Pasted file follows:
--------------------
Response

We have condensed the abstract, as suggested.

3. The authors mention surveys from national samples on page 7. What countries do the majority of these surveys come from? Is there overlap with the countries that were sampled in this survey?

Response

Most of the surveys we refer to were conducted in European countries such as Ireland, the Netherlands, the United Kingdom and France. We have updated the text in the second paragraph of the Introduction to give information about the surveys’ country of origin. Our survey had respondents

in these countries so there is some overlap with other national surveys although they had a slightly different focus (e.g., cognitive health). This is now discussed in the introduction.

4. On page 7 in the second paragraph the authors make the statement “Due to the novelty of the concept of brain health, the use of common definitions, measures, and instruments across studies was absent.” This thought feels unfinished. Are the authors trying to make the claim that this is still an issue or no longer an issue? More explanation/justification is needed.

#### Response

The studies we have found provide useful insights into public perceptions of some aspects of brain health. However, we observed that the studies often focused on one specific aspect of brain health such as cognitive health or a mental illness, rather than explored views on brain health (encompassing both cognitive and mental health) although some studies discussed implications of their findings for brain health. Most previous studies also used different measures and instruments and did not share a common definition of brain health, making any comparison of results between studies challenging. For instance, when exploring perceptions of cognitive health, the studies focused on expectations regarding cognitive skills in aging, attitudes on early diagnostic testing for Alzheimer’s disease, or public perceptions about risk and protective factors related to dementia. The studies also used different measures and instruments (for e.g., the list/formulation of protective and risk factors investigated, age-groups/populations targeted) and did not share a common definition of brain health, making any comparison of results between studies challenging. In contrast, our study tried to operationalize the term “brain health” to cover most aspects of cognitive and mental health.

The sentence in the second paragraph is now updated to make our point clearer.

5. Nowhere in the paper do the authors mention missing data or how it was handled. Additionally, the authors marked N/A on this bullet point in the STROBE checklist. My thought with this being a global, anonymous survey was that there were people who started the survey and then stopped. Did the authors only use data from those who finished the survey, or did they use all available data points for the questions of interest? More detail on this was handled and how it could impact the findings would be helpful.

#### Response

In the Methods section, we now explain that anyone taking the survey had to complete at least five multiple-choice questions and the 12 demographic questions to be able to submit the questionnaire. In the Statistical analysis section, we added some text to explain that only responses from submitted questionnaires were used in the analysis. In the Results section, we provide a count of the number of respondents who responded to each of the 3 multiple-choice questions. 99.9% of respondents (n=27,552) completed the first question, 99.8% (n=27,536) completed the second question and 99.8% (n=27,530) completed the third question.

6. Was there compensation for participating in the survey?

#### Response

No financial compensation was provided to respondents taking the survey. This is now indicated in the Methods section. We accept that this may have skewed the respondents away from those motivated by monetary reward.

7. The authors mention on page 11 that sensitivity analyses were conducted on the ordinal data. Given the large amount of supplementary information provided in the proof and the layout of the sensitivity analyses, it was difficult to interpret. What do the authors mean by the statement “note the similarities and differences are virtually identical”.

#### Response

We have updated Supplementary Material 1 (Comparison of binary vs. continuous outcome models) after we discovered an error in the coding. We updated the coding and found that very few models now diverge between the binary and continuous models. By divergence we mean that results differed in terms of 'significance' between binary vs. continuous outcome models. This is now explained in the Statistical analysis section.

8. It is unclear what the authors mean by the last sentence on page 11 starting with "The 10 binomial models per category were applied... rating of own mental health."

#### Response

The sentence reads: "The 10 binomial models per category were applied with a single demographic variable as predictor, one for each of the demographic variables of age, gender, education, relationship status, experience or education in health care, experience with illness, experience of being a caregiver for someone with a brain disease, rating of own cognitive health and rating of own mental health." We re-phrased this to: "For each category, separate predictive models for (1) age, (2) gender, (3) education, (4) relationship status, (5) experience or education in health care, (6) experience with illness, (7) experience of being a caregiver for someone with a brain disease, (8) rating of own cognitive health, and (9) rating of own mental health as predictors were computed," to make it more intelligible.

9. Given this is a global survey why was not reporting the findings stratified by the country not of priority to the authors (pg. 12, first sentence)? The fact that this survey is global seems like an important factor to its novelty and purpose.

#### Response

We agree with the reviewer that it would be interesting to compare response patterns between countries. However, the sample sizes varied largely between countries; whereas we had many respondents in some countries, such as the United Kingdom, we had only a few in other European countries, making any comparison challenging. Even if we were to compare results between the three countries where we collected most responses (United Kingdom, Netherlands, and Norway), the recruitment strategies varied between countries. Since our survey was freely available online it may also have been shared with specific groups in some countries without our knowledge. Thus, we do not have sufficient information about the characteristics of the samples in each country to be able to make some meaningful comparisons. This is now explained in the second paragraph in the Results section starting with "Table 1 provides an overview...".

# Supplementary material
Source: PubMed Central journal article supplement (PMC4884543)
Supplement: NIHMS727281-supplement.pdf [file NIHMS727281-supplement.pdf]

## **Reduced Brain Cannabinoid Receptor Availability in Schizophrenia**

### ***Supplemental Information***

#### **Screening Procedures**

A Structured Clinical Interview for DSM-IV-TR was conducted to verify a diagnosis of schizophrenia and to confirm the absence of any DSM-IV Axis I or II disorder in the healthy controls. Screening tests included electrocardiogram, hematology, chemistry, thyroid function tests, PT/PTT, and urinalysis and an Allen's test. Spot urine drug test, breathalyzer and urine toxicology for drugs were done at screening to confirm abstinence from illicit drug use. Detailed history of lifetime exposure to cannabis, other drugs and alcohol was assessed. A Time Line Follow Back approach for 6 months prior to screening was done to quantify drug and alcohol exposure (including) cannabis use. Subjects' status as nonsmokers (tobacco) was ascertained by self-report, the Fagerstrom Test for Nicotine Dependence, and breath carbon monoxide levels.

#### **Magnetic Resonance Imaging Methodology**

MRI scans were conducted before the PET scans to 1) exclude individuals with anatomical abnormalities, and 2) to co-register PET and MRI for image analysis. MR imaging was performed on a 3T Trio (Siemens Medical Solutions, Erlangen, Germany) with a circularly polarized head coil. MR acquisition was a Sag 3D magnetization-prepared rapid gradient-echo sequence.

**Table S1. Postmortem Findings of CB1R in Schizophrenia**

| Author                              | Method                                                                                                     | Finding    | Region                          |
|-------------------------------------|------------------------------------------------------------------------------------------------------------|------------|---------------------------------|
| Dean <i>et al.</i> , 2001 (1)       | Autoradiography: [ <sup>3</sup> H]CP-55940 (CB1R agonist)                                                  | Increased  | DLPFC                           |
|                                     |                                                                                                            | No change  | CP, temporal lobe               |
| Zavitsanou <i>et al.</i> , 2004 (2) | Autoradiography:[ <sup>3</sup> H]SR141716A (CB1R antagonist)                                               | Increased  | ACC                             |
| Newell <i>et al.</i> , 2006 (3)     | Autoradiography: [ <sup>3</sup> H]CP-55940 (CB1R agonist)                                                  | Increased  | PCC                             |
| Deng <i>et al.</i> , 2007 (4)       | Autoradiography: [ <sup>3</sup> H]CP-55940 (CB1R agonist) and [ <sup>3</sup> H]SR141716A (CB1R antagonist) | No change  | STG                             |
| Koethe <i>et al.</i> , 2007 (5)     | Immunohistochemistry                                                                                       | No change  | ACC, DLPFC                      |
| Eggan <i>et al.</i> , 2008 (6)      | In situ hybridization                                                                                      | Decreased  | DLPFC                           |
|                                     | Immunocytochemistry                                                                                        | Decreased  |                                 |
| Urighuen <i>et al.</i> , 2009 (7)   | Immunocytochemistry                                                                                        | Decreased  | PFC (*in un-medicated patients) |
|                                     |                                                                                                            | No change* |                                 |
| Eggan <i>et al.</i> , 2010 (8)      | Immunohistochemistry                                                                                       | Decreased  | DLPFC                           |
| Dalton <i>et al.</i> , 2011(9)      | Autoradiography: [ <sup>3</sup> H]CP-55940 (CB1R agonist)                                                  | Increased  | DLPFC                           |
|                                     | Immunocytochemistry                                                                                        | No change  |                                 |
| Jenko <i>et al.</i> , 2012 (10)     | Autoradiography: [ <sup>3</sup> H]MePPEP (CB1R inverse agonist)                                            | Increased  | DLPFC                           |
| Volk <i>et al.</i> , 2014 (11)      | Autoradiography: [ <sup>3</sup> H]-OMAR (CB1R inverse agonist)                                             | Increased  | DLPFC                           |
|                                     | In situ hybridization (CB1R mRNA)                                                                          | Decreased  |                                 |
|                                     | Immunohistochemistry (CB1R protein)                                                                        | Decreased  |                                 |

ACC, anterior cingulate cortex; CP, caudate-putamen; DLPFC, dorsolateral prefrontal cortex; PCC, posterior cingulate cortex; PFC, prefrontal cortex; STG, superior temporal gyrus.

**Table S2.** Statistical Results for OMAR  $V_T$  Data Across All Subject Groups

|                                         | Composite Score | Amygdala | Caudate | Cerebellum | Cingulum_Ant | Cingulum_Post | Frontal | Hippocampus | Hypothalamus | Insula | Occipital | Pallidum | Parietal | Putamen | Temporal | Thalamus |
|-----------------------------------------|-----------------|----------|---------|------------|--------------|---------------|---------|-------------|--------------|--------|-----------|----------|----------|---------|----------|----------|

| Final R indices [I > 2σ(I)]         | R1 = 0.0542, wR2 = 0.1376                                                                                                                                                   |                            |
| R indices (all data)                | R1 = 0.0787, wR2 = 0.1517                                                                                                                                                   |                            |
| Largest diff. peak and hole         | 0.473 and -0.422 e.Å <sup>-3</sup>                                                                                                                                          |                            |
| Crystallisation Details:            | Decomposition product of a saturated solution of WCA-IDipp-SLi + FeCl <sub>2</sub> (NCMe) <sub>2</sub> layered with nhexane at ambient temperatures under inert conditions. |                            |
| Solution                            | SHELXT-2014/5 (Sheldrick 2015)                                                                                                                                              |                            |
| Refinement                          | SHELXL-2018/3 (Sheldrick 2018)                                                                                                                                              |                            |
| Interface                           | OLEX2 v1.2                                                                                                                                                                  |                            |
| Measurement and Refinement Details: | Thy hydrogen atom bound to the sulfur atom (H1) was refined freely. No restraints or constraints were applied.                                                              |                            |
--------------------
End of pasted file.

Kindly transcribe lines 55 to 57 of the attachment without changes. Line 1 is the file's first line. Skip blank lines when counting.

ACC, anterior cingulate cortex; CP, caudate-putamen; DLPFC, dorsolateral prefrontal cortex; PCC, posterior cingulate cortex; PFC, prefrontal cortex; STG, superior temporal gyrus.

**Table S2.** Statistical Results for OMAR  $V_T$  Data Across All Subject Groups

|                                         | Composite Score | Amygdala | Caudate | Cerebellum | Cingulum_Ant | Cingulum_Post | Frontal | Hippocampus | Hypothalamus | Insula | Occipital | Pallidum | Parietal | Putamen | Temporal | Thalamus |